This automation can be frustrating initially, and this is one of those cases where I want ActiveCampaign had a more out-of-the-box service. But, due to the fact that you can do anything with ActiveCampaign, often you have to develop things from scratch. ActiveCampaign has a choice to delete non-active subscribers, which I don’t recommend.

Some subscribers don’t have tracking switched on, so their opens aren’t recorded. Others still desire to be subscribed however have actually been hectic. Here’s my reactivation sequence: I send out one e-mail asking if they still desire to be subscribed, and briefly discussing why I keep my email list clean. In one week, I send them another email (if they currently clicked the verification link in the previous email, they’ve already been removed from the automation using a different automation) – Active Campaign Add Automation To Form.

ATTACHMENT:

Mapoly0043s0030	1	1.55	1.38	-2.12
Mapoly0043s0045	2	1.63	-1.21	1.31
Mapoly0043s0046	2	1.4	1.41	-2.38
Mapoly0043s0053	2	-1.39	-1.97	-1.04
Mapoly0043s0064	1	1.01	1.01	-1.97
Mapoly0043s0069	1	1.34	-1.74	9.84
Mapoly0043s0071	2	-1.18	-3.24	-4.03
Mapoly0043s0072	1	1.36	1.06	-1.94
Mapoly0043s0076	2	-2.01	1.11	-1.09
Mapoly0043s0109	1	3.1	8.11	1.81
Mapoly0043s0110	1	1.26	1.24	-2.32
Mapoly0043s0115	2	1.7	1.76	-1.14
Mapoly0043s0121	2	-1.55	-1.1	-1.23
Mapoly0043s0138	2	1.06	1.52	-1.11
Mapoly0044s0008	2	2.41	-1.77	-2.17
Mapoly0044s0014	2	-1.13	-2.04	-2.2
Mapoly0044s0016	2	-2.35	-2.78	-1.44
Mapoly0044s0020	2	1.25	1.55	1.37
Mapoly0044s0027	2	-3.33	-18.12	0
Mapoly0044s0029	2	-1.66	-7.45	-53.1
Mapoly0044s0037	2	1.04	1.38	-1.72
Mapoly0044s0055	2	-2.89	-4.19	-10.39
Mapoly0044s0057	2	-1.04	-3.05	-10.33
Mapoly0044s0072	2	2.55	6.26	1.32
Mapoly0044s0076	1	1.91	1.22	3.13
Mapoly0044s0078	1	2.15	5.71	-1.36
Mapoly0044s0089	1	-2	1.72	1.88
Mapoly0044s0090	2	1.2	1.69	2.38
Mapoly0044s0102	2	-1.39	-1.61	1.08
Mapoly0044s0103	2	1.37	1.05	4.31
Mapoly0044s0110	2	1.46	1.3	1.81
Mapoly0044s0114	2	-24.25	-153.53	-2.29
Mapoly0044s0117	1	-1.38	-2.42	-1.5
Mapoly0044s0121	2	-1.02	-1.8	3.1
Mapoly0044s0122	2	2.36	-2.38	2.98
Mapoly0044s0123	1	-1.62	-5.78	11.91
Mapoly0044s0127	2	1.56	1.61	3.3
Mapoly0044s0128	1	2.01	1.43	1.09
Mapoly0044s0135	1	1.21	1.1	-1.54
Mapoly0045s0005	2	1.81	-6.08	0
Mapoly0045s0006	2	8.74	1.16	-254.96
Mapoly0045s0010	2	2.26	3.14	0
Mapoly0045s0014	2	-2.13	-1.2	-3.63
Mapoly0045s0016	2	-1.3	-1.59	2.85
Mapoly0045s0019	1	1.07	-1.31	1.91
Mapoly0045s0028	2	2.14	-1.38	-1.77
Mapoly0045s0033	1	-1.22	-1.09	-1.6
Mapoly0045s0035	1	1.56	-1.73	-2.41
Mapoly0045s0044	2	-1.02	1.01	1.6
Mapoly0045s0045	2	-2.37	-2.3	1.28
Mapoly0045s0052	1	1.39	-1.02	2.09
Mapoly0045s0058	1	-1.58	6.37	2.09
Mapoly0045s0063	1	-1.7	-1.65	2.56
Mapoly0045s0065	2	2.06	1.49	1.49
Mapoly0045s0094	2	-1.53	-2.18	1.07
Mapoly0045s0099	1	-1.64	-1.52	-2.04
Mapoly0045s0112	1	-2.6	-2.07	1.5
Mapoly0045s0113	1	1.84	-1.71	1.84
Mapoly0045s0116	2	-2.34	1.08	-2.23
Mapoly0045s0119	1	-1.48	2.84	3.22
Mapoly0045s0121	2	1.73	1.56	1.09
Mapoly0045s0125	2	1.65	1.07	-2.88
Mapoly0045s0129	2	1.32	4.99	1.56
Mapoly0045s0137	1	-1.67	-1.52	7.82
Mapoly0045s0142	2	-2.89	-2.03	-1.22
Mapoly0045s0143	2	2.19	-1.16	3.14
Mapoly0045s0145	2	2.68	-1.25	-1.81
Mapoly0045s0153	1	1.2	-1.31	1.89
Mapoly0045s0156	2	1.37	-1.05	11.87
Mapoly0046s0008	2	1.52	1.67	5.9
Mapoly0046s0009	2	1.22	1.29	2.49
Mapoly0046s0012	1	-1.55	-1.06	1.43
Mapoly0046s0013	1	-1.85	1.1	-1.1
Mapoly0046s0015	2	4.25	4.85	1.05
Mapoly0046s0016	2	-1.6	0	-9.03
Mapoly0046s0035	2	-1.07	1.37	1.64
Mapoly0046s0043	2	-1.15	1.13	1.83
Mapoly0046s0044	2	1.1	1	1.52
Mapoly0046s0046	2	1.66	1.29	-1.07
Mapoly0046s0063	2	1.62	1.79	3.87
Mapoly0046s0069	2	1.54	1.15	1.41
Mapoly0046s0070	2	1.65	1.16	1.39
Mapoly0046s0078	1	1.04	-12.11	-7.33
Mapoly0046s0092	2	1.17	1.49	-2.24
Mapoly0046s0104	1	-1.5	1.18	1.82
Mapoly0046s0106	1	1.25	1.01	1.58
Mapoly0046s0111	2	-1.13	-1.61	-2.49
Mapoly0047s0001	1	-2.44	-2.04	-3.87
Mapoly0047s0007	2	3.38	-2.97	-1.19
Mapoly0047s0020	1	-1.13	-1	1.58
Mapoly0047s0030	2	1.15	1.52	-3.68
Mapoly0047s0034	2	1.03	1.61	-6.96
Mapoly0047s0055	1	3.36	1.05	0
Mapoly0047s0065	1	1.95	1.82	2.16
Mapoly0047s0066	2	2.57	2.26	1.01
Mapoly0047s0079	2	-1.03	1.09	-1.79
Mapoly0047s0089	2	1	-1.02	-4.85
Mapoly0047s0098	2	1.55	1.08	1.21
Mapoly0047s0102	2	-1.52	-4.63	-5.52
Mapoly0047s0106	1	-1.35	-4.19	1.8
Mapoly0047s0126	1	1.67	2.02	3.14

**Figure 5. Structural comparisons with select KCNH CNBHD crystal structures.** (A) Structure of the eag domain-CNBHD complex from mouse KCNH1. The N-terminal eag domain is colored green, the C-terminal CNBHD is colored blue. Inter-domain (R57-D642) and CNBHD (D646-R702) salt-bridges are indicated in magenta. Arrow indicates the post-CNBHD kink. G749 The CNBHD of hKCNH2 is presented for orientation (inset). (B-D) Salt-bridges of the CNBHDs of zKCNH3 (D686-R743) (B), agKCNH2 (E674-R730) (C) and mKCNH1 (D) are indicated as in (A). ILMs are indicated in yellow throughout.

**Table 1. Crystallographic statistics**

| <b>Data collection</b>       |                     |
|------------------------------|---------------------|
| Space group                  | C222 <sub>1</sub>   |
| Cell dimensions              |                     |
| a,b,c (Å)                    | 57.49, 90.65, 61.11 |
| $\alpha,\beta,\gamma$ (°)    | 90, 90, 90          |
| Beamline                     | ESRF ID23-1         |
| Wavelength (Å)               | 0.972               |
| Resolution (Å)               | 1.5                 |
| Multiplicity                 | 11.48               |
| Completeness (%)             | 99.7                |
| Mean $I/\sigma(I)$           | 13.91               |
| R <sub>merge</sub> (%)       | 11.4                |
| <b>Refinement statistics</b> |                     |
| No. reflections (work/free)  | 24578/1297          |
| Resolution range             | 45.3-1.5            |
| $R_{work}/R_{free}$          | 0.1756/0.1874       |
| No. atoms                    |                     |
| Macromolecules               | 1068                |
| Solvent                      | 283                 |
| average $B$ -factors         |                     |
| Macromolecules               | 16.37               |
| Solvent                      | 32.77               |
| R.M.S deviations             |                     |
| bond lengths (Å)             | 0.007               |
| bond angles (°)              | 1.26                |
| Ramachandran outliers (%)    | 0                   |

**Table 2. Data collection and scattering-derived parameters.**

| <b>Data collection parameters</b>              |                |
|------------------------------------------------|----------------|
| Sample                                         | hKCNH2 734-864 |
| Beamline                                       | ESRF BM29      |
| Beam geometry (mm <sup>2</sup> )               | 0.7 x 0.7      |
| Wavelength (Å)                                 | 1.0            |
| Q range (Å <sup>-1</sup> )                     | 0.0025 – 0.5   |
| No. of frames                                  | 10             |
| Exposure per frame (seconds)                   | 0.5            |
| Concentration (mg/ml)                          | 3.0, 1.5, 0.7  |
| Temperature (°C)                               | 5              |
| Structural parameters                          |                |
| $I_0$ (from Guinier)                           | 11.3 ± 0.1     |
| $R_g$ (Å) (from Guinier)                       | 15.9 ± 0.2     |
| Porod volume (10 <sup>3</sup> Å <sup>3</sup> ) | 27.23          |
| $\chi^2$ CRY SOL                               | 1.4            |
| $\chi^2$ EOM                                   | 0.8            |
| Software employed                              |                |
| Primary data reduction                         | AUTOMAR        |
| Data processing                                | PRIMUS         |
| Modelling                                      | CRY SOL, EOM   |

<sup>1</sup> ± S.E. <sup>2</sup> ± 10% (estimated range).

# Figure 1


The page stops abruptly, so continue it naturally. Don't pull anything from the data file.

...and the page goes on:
Active Campaign Add Automation To Form

Active Campaign Add Automation To FormActive Campaign Add Automation To Form

The automation then unsubscribes them. My emails likewise have a link to a type where they can enter their e-mail address to let me understand that they don’t have tracking allowed. This kind adds a tag that I use to filter those contacts out. Active Campaign Add Automation To Form. I used to include this tag when they clicked a link, however when people do not have tracking on, it makes those links not work so reliably! I just send out an easy “do you still want my emails?” verification.